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closely drawn scrutiny standard. that standard is not applied for several reasons. >> i think it is whatever the standard. the florida rule was simply __ no face_to_face solicitations. that's it. the reviews seem to believe that would be a valid regulation. >> i would certainly concede because my client did not do any face_to_face solicitation. >> the first amendment in relation to the election justice. >> i think the state could adopt a prophylactic rule on face_to_face solicitation. certainly, one_on_one solicitations.
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there might be some applications of that rule that were __ that made that ruled invalid as it applied. for example, face_to_face solicitation of one's relatives. i think the first amendment would certainly allow __ >> the first amendment would not allow that for candidates of political office. >> exactly. >> you are recognizing that there is a difference between judicial office. the first amendment allows the state to do things with respect to the election judges, they would not allow them to do with respect to the election of members of the legislator. >> i guess i would __ the first amendment would allow a ban on some solicitation under coercion theory. placed __ let me step back. >> you gave me __ now are you
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telling me that the answer was ill considered? aa ban on face_to_face solicitation by candidates for office. good or not. wade be judged by the same standard as face_to_face solicitation by political? >> i think it would be judged by the same strict scrutiny standard. the government could advance in that consideration in the judicial context. one of them does not exist in the legislation context __ preserving partiality. i don't want to say that there is no ban on solicitation that would be permissible in the
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nonjudicial context. >> if you have the statue that he said would be valid, on applying face_to_face solicitation __ what about a personal one on one letter? i can see the court saying this is underinclusive. then, if we say, the one_to_one letter, that's like a personal solicitation. if we condemn not, what about a letter to five people? it seems to me that we make the initial concession, you have a real problem in determining how to make this not over or underinclusive. >> i don't think so, justice.
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i think the court in other contexts has drawn a line between britain creek patient and oral communication. in the lawyer solicitation process, for example. the court has drawn that distinction. i think there is a reasonable distinction that says that whatever the rule may be, written communication is fundamentally different if the interest that the government is asserting his coercion. >> what if i write something down on a tablet and handed to you? is that written? >> i think i would say in person. the question here is __ in all of the context that we are talking about here, the interest is whether the person solicited is being coerced. >> give us the three interesting start off saying were at issue here. you never got to that. >> sorry, your honor. >> it's your fault.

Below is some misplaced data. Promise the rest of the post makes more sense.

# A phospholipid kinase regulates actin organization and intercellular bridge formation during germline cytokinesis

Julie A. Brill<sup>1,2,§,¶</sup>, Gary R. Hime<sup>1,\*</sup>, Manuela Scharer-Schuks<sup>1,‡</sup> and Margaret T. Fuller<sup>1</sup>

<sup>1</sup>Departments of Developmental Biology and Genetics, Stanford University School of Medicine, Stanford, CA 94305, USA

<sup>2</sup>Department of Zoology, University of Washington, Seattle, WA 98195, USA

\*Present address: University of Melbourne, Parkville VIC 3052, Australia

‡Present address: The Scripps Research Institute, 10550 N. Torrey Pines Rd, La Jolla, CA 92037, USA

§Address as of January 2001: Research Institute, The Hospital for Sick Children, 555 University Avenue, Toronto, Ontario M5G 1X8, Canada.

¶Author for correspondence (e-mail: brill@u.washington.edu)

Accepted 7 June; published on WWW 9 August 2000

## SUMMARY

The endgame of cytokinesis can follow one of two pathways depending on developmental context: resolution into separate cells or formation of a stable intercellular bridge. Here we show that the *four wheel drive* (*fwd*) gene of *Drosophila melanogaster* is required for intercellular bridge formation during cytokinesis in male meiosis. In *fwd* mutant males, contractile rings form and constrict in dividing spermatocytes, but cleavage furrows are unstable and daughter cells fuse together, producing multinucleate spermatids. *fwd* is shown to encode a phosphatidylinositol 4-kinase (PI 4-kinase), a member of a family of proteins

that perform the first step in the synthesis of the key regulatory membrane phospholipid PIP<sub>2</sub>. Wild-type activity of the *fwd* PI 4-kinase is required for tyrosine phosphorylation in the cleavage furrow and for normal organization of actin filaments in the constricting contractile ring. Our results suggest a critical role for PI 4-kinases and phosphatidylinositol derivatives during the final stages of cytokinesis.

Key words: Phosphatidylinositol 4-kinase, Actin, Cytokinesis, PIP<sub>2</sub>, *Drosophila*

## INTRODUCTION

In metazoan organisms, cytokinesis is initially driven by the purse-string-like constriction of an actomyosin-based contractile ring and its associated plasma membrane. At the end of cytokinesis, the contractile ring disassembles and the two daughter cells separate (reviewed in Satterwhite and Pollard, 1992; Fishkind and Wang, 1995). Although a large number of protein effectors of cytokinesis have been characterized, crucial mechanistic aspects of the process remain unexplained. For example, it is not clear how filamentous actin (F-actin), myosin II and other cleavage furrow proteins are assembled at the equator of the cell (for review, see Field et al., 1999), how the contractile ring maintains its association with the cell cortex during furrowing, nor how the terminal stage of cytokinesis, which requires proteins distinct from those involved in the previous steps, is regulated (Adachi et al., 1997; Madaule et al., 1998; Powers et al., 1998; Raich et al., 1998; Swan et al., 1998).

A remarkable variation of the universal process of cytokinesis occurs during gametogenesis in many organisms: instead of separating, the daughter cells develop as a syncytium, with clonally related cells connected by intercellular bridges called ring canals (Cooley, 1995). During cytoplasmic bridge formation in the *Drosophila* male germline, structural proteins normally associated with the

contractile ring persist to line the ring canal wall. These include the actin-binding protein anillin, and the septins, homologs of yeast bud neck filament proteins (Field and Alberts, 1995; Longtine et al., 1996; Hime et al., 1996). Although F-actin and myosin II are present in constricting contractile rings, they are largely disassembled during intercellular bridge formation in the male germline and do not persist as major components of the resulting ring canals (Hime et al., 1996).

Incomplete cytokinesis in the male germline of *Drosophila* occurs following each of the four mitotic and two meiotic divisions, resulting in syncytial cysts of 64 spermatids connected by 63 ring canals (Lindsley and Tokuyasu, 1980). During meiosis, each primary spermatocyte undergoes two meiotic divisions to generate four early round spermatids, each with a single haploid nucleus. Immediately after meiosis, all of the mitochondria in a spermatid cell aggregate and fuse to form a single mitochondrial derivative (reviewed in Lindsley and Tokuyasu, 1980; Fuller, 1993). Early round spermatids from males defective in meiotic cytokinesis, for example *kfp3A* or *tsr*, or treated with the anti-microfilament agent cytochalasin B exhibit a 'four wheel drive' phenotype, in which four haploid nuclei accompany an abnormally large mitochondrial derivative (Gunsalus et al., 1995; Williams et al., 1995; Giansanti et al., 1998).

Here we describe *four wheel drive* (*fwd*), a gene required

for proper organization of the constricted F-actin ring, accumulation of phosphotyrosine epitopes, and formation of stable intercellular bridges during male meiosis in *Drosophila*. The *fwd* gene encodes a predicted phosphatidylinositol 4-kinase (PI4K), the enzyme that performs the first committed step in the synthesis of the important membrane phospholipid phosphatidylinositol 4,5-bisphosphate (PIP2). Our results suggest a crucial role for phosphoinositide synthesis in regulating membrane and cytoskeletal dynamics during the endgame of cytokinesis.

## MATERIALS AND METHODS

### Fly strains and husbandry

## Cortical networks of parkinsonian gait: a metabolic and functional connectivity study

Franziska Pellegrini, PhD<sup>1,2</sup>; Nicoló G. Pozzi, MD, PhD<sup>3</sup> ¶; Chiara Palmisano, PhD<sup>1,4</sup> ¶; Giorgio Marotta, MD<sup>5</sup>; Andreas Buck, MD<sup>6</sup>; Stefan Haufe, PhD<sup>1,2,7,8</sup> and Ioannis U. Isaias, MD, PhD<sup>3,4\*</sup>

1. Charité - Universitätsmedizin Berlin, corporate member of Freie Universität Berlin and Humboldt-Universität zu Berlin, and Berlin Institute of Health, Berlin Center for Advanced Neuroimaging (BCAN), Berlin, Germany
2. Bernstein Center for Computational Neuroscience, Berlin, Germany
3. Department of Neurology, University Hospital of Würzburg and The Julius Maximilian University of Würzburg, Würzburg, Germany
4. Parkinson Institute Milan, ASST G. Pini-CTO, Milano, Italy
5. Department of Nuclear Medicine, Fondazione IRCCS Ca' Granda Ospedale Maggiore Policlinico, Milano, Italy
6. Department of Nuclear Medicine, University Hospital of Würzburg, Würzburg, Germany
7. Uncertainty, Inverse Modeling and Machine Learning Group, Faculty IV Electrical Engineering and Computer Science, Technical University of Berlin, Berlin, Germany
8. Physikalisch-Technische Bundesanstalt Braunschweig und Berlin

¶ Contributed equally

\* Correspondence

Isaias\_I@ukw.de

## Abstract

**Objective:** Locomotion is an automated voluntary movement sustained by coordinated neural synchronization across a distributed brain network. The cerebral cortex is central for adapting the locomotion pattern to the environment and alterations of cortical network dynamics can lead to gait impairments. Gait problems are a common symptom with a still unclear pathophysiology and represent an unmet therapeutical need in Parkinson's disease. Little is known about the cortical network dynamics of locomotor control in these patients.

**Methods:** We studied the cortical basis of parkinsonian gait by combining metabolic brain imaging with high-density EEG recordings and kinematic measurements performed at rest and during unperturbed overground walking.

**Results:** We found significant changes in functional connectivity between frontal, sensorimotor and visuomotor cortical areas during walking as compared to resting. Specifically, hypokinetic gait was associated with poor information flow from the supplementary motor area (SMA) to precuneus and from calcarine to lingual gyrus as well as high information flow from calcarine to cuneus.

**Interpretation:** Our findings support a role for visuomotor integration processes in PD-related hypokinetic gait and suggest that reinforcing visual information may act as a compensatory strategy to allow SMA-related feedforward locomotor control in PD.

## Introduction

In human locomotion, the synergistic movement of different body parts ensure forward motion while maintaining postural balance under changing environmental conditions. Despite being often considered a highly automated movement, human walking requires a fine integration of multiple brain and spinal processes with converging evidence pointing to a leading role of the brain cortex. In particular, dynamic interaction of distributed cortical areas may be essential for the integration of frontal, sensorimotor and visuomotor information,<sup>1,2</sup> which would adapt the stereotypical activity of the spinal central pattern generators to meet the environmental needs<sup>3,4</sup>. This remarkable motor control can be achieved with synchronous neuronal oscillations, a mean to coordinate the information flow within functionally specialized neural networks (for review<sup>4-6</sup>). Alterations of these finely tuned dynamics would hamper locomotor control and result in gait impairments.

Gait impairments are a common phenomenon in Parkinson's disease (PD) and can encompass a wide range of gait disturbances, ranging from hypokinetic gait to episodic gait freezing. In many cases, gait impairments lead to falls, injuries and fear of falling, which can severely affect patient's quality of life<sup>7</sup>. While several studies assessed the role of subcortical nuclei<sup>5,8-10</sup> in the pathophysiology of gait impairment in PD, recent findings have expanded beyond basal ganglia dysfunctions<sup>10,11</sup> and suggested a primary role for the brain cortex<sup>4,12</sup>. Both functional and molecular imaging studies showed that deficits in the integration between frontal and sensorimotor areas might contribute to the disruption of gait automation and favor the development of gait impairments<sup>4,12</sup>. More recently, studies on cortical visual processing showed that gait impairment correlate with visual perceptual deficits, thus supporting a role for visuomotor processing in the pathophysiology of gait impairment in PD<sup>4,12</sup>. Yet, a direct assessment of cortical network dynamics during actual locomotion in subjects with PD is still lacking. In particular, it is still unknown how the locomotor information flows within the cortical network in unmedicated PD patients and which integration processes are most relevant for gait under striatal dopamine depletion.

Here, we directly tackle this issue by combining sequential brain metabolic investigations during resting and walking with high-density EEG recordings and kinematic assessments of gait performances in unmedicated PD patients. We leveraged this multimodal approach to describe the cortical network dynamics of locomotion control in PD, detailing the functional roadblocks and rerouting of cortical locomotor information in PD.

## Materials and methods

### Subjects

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>> there are 3 inches. the interest of print __ >> what about the interest of judicial dignity? stuff that we don't let judges do but we let other people do. such as, it's at least a tradition, i'm not sure if it's in ethical rules, but assume it was, that judges do not respond in op_ed pieces to criticisms of the decisions. john marshall did that but he did anonymously. let's assume that that will was written into judicial ethics. with __ what that stands?
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>> i don't believe it suffices to support the prohibition here for several reasons. >> answer my question, would that be okay? in the interest of judicial dignity. >> i think there is such an interest. i think it is executed principally through the acts of judges and is maybe analyzed under the government employee free speech rubric. it doesn't necessarily have to reach a compelling interest for to justify some restriction on the judge's speech. i think in this context, to the extent that the interest is not apply for several reasons. first of all, we're talking about the campaign context which is different. second, to the extent that the interest would apply here, a
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fundamental principle of the florida regulatory scheme is that justice may write thank you notes for contribution. they can say thank you. >> florida did not let them do that. i'm trying to find out that if you think you can have different rules for judicial elections than for political elections. we are told by the florida justice that if i had a horrendous problem with corruption and they wanted to get a handle on it. small steps. >> to answer your question, yes, there can be different rules. two of the answers that i mentioned __ interest in preventing partiality and coercion, applied differently in the judicial context. i think in your hypothetical __